#economics

economic development & economic justice

This superintendent has figured out how to make school work for poor kids

(Washington Post) School districts don’t usually operate homeless shelters for their students. Nor do they often run food banks or have a system in place to provide whatever clothes kids need. Few offer regular access to pediatricians and mental health counselors, or make washers and dryers available to families desperate to get clean. But the Jennings Mo. School District — serving about 3,000 students in a low-income, predominantly African American jurisdiction just north of St. Louis — does all of these things and more. When Superintendent Tiffany Anderson arrived here 3 1/2 years ago, she was determined to clear the barriers that so often keep poor kids from learning. And her approach has helped fuel a dramatic turnaround in Jennings, which has long been among the lowest-performing school districts in Missouri.

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United Movement to End Child Soldiering: reflections from our work

United Movement to End Child Soldiering, based in Washington, DC, is partnered with UMECS: The Center for Peace, Education and Development, a Republic of Uganda based NGO, to fulfill a mutually shared mission: to support secondary school and higher education for children and youth affected by conflict and poverty, together with school-based peace education and guidance and counseling programs, and help to build cultures of peace to prevent new wars. Following are excerpts from their 2015 year-end newsletter.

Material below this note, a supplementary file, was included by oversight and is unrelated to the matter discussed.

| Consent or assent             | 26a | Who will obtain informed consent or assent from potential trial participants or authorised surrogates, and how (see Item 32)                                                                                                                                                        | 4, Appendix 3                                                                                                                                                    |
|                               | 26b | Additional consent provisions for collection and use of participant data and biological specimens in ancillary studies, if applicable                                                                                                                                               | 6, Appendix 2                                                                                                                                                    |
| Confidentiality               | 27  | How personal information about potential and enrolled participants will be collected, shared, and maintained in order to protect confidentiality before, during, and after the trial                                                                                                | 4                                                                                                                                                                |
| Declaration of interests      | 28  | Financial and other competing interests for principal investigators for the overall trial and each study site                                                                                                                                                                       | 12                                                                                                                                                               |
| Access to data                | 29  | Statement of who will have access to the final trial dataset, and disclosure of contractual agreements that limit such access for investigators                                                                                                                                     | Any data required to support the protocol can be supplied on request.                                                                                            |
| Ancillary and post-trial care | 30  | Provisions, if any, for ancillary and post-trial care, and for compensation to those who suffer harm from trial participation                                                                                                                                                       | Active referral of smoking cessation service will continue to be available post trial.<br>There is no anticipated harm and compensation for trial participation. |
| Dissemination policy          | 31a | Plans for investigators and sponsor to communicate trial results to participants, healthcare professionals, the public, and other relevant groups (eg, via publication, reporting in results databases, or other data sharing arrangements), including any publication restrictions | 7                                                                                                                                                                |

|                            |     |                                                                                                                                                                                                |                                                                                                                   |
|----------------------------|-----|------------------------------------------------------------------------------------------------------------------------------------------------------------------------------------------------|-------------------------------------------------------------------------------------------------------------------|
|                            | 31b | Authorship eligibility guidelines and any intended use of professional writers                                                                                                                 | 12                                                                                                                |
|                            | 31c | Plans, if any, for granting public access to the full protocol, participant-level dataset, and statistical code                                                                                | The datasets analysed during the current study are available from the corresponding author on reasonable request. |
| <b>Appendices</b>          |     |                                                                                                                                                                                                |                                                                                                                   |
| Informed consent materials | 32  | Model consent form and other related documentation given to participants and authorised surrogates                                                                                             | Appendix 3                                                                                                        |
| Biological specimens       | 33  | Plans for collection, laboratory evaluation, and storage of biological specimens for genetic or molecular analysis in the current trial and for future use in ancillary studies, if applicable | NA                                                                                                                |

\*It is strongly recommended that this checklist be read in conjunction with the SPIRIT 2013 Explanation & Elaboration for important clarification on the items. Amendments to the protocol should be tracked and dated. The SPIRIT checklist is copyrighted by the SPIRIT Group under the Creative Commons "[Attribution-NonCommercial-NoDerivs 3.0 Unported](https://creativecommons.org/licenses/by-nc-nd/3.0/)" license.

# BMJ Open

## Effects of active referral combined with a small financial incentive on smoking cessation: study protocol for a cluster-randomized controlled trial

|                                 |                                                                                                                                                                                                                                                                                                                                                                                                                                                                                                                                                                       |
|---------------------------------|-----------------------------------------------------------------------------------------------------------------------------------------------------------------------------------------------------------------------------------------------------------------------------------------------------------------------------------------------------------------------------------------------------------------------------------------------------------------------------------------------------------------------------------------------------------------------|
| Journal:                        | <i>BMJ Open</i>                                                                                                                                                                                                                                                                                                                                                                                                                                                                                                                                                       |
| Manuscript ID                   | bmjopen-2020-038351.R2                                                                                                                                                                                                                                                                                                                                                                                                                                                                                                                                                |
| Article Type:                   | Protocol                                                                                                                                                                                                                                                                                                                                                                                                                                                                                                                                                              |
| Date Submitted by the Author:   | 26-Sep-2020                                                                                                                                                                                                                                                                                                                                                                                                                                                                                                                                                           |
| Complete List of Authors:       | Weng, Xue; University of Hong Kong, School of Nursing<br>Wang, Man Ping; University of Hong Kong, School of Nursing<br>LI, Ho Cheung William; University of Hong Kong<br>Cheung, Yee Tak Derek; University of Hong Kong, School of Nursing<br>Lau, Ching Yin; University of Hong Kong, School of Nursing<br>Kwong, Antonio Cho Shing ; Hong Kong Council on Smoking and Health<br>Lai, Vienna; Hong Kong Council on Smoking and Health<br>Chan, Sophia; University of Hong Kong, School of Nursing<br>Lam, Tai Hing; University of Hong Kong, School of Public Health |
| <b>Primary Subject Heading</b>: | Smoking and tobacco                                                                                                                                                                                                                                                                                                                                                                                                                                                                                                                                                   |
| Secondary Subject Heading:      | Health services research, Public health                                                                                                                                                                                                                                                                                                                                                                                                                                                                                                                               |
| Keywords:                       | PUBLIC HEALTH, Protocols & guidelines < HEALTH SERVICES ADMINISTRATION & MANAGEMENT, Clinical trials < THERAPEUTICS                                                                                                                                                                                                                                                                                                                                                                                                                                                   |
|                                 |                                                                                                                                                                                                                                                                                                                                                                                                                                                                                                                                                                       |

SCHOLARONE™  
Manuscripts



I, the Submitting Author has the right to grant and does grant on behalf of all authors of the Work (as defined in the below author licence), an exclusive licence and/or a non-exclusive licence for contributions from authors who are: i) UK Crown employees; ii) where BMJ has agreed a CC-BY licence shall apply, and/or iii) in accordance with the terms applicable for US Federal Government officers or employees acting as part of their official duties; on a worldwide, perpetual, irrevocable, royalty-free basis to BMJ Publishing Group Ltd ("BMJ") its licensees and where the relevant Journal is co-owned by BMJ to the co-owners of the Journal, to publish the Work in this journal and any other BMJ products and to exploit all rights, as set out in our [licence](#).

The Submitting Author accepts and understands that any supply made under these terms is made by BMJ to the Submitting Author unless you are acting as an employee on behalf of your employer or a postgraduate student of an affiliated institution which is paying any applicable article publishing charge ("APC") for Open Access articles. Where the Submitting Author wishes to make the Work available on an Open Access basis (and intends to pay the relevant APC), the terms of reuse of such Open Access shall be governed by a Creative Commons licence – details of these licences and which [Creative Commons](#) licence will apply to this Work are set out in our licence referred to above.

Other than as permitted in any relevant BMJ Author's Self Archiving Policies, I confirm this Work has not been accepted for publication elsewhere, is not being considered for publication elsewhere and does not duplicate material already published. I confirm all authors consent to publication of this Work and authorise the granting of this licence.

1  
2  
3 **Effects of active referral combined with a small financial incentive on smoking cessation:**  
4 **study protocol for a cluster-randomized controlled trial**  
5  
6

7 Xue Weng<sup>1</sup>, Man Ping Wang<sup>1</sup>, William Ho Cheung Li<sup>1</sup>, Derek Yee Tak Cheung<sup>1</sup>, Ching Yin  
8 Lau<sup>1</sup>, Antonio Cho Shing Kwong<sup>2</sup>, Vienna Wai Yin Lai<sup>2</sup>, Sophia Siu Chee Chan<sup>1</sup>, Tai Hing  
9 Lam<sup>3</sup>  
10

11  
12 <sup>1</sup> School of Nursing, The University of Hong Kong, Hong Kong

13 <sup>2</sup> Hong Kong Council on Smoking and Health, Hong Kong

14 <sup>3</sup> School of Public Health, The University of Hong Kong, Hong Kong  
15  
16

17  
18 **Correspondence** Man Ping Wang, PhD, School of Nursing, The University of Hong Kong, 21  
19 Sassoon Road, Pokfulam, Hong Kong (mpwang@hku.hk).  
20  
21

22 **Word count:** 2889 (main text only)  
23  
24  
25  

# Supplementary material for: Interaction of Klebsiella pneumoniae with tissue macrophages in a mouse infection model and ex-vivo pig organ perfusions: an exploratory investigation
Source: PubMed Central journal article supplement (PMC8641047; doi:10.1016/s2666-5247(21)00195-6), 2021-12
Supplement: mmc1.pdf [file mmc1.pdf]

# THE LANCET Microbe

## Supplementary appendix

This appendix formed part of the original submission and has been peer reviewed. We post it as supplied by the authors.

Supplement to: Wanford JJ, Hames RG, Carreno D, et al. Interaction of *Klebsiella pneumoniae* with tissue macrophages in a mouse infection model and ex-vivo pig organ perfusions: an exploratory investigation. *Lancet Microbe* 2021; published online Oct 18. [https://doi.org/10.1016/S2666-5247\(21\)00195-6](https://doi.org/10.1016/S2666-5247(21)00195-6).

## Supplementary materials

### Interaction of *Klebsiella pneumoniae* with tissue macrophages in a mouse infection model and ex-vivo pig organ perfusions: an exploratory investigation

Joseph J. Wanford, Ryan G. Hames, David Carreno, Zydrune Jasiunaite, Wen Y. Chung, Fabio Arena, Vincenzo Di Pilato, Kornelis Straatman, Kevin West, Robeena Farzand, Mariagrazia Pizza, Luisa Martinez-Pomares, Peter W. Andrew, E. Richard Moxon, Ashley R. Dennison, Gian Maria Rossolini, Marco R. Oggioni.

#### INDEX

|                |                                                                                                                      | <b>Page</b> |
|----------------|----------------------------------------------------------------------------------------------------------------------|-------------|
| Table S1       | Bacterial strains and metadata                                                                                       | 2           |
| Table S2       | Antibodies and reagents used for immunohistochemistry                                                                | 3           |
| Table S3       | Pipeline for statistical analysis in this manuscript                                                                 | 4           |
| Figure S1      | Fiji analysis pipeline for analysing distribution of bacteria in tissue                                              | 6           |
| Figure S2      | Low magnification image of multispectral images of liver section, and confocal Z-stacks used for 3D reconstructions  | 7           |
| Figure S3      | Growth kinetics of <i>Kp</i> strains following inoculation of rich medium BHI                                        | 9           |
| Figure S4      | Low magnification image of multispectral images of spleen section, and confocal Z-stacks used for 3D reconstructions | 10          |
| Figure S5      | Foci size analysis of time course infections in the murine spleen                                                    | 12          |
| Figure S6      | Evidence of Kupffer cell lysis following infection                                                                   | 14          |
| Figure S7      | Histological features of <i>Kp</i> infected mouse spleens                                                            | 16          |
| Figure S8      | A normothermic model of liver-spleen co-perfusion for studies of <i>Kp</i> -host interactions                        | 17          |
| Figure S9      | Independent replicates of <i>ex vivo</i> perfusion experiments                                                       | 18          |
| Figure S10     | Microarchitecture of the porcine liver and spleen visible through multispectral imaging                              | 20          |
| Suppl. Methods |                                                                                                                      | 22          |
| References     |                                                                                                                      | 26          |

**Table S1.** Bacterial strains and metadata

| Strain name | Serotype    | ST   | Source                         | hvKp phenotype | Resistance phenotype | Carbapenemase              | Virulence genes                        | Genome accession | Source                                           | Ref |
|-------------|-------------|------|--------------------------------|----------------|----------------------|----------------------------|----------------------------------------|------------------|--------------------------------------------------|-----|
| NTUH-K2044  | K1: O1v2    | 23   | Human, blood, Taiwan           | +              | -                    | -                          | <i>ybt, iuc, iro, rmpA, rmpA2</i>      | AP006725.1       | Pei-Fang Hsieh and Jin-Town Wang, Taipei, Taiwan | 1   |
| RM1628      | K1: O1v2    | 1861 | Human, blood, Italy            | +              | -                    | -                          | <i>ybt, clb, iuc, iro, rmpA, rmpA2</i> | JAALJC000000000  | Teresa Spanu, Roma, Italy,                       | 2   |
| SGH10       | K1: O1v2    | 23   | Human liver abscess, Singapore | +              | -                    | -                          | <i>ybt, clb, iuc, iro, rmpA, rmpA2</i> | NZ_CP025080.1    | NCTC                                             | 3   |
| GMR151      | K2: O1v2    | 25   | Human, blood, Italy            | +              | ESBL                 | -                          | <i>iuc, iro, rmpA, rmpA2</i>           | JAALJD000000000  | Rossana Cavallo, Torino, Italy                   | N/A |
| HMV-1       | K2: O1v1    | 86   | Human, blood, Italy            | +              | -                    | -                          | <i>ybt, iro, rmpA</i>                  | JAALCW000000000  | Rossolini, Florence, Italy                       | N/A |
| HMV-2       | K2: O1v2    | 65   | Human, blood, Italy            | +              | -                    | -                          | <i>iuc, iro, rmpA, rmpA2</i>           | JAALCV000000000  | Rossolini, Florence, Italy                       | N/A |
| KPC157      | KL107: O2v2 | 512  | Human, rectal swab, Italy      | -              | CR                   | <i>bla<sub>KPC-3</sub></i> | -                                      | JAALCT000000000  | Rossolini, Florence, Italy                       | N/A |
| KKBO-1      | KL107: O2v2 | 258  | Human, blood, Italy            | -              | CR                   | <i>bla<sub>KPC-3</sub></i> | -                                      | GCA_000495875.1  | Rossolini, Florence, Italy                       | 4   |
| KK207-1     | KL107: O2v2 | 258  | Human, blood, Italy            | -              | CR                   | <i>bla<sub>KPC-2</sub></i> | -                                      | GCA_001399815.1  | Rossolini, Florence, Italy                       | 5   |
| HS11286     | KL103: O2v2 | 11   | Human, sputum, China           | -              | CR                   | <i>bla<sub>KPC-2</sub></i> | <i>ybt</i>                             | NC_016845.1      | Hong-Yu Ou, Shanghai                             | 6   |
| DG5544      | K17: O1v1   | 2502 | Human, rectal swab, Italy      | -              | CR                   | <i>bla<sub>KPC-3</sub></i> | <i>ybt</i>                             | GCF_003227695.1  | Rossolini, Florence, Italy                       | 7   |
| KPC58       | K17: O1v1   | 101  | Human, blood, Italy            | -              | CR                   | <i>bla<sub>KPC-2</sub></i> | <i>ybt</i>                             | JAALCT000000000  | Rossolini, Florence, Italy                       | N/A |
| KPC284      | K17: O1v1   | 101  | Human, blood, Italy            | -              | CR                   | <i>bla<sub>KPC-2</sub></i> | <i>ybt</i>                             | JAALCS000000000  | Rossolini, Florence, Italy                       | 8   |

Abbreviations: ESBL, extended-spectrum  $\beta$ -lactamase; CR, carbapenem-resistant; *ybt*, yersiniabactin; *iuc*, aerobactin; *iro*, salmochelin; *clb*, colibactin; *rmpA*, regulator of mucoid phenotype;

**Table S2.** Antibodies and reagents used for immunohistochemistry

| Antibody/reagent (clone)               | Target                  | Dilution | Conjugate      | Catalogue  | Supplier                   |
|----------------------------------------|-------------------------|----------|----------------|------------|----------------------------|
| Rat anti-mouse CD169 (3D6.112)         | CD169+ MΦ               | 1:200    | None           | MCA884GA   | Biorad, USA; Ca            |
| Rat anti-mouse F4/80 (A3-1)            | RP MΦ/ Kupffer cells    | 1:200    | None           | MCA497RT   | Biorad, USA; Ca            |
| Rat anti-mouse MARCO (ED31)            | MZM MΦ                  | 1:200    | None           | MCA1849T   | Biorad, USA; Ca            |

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Connecting peace education, education for sustainable development & global citizenship education to the 2030 Sustainable Development Agenda

A Peace Education Manifesto and the role of WCCES. From the desk of World Council of Comparative Education Societies (WCCES) President Carlos Alberto Torres. Our age of global interdependence is being marked not only by the dialectics of the global and the local that we will discuss in Beijing, but also by the dialectics of terrorism and anti-terrorism. I am writing to you as President of WCCES but also as a victim of state terrorism in Argentina that forced me to exile. I would like to invite the WCCES to a dialogue about our moral responsibilities.

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